JB Sports Maker

John Burroughs (JB to his mates), pictured above, was always passionate about sport and has managed to make a career in it. Recently he became one of 150 College Sports Makers under a new scheme sponsored by the Government to expand the reach of sport and fitness within Sixth Form Colleges. Could this be one of the best jobs in the world?

JB has been involved with sport for as long as he can remember. He’s tried his hand at just about everything, and been in all sorts of teams for all sorts of things, although now he’s reached the grand old age of 30 he’s settled down to a sporting life of cricket, hockey, skiing and surfing. The first two he proudly plays for his town teams at a good level. The other two he does for fun and relaxation and for the adrenalin rush.

The College Sports Maker (CSM) initiative came to life following London 2012. Sport has become high-profile on the curriculum as it links into everything from exam performance through social skills to weight, obesity and diabetes with other stops along the way, not to mention being generally healthy. The more colleges can do to keep students active the more they can help people do better in the short term and then go on to avoid some potentially serious threats to their health in later life.

80/20 pie


JB feels that a part of the problem is that college students associate getting fit and sports with being involved in organised teams and competitions. Most colleges will have teams for the major ball sports and there are national competitions, but the fact is the choice of activity is enormous – 54 in all being available.

‘People forget that you don’t need to play organised sport or games to have fun,’ JB says. ‘Just banging a ping-pong ball across a table for 15 minutes will give you exercise, you can grab a basketball and shoot some hoops with a friend, or knock up for a bit on a tennis court. Best of all it all counts towards getting fit.’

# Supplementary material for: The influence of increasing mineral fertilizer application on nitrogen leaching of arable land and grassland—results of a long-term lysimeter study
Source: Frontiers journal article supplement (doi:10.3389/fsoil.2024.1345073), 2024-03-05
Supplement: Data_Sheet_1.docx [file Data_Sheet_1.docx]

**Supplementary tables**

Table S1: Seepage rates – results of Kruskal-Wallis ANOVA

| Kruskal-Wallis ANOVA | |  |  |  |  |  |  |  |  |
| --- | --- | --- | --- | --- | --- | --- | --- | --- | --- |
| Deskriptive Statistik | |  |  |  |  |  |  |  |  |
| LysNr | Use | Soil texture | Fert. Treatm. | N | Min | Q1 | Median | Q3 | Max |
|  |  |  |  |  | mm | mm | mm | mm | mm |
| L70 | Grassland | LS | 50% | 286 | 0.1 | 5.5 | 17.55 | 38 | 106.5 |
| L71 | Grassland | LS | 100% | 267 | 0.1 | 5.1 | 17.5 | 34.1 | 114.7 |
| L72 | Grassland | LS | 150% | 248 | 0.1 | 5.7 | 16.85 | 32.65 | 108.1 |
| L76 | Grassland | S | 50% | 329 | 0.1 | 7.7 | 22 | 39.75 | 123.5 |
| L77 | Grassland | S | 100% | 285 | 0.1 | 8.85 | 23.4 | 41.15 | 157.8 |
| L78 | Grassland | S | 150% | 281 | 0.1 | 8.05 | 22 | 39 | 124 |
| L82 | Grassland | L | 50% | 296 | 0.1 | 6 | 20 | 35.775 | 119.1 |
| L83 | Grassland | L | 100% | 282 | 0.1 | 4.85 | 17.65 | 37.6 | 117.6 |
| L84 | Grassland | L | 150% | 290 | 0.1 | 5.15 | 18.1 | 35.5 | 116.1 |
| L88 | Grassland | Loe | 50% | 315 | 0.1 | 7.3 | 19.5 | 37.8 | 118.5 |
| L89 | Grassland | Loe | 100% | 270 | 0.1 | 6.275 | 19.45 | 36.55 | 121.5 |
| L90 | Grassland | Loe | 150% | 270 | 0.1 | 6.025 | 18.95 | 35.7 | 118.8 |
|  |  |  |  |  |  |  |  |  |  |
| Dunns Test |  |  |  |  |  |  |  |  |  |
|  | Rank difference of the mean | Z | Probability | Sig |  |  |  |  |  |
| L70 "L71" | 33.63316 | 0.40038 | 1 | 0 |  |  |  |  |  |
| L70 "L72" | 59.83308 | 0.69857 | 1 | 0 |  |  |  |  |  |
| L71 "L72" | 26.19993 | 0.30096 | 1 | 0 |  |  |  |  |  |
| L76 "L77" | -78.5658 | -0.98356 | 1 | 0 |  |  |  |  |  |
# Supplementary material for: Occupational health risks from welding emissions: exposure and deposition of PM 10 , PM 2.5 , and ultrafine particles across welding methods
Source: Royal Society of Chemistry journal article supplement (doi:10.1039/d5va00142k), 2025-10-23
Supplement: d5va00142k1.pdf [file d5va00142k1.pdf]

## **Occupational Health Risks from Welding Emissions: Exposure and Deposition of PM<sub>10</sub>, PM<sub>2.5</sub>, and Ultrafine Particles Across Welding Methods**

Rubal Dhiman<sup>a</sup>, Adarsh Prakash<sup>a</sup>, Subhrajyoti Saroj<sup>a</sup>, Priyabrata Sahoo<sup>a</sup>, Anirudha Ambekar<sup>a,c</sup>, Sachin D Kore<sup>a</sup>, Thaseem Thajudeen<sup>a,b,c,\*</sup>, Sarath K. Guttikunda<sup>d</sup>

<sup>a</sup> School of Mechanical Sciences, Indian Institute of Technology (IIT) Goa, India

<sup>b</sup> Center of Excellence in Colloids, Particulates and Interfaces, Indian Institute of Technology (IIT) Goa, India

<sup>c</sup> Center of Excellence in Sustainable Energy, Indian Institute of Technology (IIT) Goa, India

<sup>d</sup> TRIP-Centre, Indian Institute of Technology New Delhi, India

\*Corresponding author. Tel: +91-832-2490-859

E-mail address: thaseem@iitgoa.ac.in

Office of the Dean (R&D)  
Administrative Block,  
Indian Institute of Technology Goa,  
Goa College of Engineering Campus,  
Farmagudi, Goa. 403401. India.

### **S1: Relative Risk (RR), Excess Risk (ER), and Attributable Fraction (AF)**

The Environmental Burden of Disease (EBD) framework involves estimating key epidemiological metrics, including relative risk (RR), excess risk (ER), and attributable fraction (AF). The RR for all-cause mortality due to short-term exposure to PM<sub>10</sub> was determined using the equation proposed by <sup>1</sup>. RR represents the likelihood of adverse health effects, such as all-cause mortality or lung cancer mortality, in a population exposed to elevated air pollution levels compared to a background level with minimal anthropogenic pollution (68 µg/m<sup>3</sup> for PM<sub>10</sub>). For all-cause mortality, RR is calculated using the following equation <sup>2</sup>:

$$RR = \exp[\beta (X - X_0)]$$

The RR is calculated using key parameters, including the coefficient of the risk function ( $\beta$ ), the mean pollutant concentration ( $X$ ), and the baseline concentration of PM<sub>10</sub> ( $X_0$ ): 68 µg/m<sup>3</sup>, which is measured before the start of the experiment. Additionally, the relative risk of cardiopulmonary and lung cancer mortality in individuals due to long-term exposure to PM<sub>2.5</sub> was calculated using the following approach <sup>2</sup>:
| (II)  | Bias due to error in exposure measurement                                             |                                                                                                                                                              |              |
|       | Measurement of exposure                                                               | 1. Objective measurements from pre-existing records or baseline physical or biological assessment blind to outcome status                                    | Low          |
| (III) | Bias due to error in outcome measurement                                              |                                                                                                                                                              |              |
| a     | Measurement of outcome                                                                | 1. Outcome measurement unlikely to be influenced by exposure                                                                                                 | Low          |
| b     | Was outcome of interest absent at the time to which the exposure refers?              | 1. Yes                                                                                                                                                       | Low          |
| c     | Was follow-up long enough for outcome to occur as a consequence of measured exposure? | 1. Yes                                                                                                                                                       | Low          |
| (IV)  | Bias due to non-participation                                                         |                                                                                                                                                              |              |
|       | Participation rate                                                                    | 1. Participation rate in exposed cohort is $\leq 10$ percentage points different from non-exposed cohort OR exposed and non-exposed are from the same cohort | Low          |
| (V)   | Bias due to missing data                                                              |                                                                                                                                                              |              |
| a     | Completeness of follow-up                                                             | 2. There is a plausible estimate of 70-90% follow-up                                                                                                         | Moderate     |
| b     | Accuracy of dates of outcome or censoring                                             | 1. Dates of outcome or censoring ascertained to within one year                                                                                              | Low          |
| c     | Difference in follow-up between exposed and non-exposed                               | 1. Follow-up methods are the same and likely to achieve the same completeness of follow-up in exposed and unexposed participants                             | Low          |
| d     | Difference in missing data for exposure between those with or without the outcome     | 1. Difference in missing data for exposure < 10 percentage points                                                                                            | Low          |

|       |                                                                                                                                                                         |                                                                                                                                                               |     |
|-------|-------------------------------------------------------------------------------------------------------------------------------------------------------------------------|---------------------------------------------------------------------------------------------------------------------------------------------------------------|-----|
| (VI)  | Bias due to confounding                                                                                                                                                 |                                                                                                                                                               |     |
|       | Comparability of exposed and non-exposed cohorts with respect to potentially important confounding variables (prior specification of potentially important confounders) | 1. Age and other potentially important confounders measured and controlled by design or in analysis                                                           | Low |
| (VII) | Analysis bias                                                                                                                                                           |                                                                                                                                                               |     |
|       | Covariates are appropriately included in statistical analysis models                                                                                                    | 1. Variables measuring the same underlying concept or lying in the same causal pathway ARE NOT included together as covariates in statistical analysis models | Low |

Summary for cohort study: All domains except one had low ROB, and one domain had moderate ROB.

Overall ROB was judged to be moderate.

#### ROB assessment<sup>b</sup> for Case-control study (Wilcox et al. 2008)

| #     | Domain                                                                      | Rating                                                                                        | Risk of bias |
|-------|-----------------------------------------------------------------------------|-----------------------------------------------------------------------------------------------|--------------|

wellbeing after gym


All things considered JB may be in for something of a challenge in trying to make sport cool. But he believes that these days Colleges have the resources and the choice and students have the time. It’s not going to be a quick fix but he’s in it to win it. And our money is on him!


Of course, as JB has to admit, not everybody likes sport as much as he does:

‘It seems a general rule across the UK that only 20% of people actually get involved in sport at College,’ he says. ‘My challenge, in fact my brief from the Government, is to increase that statistic and get more people involved in getting fit and staying fit.’

With 80% of people to have a go at JB has a big target to attack. However he makes the point that it’s not necessarily that easy to get people engaged:

‘For some people sport just isn’t cool,’ he accepts, ‘but even so, when you look at the link between exercise and exam grades, where people who raise their heart rate for 30 minutes 4 times a week are shown to get better marks, it’s worth finding a way to be active just to improve your chances and choices when it comes to Higher Education or a job. ‘

throwing a ball


JB points out that being fit in general helps you get more out of life. Exercise is good for the body from the outside in – good for your lungs, good for your skin, good for sleeping, good for mental health and so much more. When you combine it with healthy eating it’s good for looking after your weight and body image.

‘Of course people come to college to pass exams and move on to the next stage of their academic careers or working life,’ says JB, ‘but success in life isn’t just about qualifications. Take going to a job interview for example – an employer will look at your qualifications and grades but will also be hoping to find somebody who takes an active part in life in the broadest sense of the word, and who knows how to look after themselves and stay healthy.’

team challenge hands